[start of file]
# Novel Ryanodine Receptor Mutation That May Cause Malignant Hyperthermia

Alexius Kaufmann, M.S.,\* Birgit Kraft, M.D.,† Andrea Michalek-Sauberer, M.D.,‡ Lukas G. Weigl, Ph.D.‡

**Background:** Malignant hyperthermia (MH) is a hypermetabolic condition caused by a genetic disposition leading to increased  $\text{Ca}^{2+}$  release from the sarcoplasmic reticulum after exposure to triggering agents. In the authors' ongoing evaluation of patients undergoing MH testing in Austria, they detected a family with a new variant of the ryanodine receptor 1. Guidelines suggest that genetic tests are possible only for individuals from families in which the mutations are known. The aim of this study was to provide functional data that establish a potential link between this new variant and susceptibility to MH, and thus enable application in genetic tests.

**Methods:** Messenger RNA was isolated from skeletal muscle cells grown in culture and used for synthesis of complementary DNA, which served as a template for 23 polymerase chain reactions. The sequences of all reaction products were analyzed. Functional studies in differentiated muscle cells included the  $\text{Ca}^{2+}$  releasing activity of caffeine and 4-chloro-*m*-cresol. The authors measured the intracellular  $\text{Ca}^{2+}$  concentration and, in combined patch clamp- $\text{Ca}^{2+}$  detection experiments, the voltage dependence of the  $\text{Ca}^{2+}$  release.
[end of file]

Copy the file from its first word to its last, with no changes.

# Novel Ryanodine Receptor Mutation That May Cause Malignant Hyperthermia

Alexius Kaufmann, M.S.,\* Birgit Kraft, M.D.,† Andrea Michalek-Sauberer, M.D.,‡ Lukas G. Weigl, Ph.D.‡

**Background:** Malignant hyperthermia (MH) is a hypermetabolic condition caused by a genetic disposition leading to increased  $\text{Ca}^{2+}$  release from the sarcoplasmic reticulum after exposure to triggering agents. In the authors' ongoing evaluation of patients undergoing MH testing in Austria, they detected a family with a new variant of the ryanodine receptor 1. Guidelines suggest that genetic tests are possible only for individuals from families in which the mutations are known. The aim of this study was to provide functional data that establish a potential link between this new variant and susceptibility to MH, and thus enable application in genetic tests.

**Methods:** Messenger RNA was isolated from skeletal muscle cells grown in culture and used for synthesis of complementary DNA, which served as a template for 23 polymerase chain reactions. The sequences of all reaction products were analyzed. Functional studies in differentiated muscle cells included the  $\text{Ca}^{2+}$  releasing activity of caffeine and 4-chloro-*m*-cresol. The authors measured the intracellular  $\text{Ca}^{2+}$  concentration and, in combined patch clamp- $\text{Ca}^{2+}$  detection experiments, the voltage dependence of the  $\text{Ca}^{2+}$  release.